Last, I agree with the mental process you propose: “We should look at solutions first — find out what possible preventative measures are efficacious, if they are any — and only after that determine if they fit with our moral and political compasses.” It would be a lot easier to follow if we thought the same rationalism prevailed on the other side. Nearly every time I argue with them, or listen to them, I quickly develop the impression that they don’t just want to outlaw “assault rifles” but ultimately, all firearms. The fact that they use so often that meaningless category “assault rifle;” that fact that few of them seem to know that automatic weapons are illegal – for practical purposes, their indifferent ignorance, re-inforce my suspicion. (Why learn the technical details if I want the lot of them outlawed?) Given that impression, the discussion quickly becomes a Second Amendment issue in my mind. It’s as if we thought, Cut through the small crap, let’s get down to the real topic: Do I have the right to possess the means to defend myself or not? I ask because there are many powerful people whose answer is a loud, No! And, yes, by the way, Why not a grenade launcher?

    Good training exercise as I grope my way to an answer that satisfies both my understanding of the world and my values.

    • Apologies for the late response, my laptop was being repaired and I just saw this.

      Jacques, you are right about the correlation point, but I was not trying to make that point. Although I included it in the quote, I was not trying to respond to “There is also a correlation between people purchasing cars and car accidents, purchasing fast food and obesity, etc. Go live in your padded room and leave management of society to the adults.” This line of reasoning strikes me as distinct from the point I was criticizing — that intentional massacres can be performed with any variety of non-firearms, and so whether or not guns fall into the hands of maniacs is going to be irrelevant.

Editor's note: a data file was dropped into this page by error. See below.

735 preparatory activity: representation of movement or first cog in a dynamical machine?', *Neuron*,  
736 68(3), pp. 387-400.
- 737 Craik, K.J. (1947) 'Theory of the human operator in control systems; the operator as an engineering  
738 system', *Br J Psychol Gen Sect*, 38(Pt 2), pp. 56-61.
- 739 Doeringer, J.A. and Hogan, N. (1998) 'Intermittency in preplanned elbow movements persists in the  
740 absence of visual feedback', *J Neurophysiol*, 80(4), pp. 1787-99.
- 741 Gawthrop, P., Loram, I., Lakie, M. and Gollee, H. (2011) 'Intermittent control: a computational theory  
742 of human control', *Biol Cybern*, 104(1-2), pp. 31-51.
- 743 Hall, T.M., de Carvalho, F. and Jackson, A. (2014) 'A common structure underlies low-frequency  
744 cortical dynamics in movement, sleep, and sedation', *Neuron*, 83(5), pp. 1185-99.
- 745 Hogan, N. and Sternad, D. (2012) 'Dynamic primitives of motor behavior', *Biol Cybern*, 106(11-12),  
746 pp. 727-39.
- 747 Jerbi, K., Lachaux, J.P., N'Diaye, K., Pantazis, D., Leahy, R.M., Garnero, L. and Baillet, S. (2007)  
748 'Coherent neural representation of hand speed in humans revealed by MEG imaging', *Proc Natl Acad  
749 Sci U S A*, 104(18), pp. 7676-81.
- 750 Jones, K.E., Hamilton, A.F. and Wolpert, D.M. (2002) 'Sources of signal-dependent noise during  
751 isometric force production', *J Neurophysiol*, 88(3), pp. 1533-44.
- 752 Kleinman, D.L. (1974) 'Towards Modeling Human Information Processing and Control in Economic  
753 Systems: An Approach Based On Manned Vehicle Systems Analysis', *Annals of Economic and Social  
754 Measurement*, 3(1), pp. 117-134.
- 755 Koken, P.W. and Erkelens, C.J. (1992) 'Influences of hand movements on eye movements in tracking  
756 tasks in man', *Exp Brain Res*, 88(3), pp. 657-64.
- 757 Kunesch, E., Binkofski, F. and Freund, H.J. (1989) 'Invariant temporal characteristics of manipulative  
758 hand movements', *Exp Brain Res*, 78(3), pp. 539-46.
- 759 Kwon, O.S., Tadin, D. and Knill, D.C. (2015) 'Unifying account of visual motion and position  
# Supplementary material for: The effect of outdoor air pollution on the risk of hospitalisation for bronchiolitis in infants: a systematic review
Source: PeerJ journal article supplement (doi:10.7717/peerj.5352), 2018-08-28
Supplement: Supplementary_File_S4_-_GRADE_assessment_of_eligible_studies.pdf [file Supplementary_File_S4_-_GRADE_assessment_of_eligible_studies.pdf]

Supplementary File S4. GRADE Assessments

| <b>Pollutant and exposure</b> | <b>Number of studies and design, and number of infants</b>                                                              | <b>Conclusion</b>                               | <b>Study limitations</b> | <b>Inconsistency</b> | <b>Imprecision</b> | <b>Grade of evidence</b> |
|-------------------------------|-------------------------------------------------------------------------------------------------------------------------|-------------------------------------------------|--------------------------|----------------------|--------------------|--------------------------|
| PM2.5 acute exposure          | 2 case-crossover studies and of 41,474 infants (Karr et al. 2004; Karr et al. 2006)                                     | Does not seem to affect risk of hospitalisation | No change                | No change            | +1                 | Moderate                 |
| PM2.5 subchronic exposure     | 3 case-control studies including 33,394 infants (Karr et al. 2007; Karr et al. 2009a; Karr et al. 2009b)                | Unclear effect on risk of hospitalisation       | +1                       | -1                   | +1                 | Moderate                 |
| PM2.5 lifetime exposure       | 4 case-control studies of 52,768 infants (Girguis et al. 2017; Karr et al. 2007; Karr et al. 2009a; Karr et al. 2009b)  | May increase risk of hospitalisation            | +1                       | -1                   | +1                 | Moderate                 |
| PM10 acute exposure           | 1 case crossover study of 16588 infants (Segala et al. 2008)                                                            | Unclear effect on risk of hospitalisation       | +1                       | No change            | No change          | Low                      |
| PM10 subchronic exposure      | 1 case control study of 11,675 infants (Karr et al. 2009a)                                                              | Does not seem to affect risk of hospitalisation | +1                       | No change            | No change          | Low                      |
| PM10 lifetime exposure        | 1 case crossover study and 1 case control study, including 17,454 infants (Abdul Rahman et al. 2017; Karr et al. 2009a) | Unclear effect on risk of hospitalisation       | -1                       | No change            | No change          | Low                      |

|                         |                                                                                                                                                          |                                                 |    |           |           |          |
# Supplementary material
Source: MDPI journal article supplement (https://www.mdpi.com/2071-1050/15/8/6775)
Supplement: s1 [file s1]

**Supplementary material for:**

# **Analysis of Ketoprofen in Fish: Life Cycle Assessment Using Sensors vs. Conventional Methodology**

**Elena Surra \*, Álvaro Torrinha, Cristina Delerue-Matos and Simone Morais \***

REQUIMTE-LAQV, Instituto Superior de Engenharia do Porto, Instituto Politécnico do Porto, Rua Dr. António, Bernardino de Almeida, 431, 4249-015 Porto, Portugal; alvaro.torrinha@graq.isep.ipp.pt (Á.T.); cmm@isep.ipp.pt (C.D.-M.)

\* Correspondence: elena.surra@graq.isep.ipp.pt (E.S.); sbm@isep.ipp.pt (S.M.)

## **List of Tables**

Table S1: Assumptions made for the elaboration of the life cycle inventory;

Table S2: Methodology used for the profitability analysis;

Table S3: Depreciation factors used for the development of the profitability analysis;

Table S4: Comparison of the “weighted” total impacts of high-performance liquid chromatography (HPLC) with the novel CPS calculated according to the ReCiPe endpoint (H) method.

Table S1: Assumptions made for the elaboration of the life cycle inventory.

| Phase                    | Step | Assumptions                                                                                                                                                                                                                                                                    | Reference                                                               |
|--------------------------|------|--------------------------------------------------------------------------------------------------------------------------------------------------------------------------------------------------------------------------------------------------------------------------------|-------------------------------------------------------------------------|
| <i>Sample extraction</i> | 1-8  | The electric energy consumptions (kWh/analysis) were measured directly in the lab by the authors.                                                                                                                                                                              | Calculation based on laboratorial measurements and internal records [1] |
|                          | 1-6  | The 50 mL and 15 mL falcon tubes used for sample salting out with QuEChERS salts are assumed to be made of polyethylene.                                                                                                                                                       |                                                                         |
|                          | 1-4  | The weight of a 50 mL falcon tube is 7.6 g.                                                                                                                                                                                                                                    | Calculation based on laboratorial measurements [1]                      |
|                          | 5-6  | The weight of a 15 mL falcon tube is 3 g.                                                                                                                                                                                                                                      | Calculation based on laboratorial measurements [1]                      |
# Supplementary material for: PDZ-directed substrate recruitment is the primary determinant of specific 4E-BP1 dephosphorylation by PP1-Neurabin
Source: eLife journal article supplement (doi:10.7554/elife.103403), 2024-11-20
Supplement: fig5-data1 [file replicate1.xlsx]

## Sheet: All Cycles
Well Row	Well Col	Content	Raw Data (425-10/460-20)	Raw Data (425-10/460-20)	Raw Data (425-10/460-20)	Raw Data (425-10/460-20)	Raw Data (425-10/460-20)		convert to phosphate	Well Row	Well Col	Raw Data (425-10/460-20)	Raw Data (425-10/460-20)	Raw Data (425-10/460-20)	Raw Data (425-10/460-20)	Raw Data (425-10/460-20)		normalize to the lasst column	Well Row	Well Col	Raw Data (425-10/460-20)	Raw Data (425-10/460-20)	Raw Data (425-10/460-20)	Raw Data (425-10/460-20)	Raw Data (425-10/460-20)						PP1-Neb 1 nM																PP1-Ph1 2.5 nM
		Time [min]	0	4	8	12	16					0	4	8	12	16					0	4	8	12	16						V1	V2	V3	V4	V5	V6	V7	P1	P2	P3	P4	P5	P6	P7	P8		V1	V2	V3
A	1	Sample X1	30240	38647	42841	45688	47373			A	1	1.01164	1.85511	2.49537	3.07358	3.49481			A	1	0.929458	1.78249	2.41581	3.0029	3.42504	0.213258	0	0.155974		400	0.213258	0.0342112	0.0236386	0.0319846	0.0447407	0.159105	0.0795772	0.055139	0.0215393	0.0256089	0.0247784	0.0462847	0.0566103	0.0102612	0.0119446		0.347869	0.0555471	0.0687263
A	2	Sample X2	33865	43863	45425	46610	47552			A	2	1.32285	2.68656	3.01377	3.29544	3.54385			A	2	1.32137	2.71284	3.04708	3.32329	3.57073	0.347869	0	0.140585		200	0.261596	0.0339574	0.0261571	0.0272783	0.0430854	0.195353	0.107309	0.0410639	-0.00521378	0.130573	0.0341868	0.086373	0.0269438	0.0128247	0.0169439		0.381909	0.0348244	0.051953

The quoted section essentially argues that the world is a dangerous place and too chaotic to regulate effectively (or maybe, that regulation is only for children). So the quoted person is making two arguments in one paragraph: (1) life is full of risks and dangers we don’t/ought not to regulate, and (2) massacres will happen in equal proportion whether or not the would-be terrorist has access to a firearm. I only intended to respond to the second point — “There are plenty of examples of mass shootings, knife attacks, poison gas attacks, bombings, running people down with trucks, etc.” Quoting the whole piece was a mistake. Although I think the ambiguity was on behalf of the quotee, as he just jammed two arguments together maybe without seeing the distinction.

      I agree also with the suicide point. I only mean to reject the claim that suicide rates are a given that cannot be decreased or increased by the availability of weapons. I mean this to be beside the gun control debate — it is only the claim that “Suicides are unpreventable anyway” which bothers me as inaccurate, and a loathsome dishonesty. Yes, I don’t think state laws are the primary way to go about approaching mental health.

      This debate is so heated that I rarely dip my toes. It helps not having any personal attachment to firearms anyway, I prefer a form of self-defense that the state and public have long since forgotten about. It is certainly enough to go from the Constitutional rights angle.

      • Thanks. II think this is a simple common sense statement: Killing large numbers in a short time can only be accomplished with a vehicle, with an exploding device, or with certain firearms (aside from the occasional highjacked plane). I hate to say it but it’s hard to do with a knife or with a cudgel.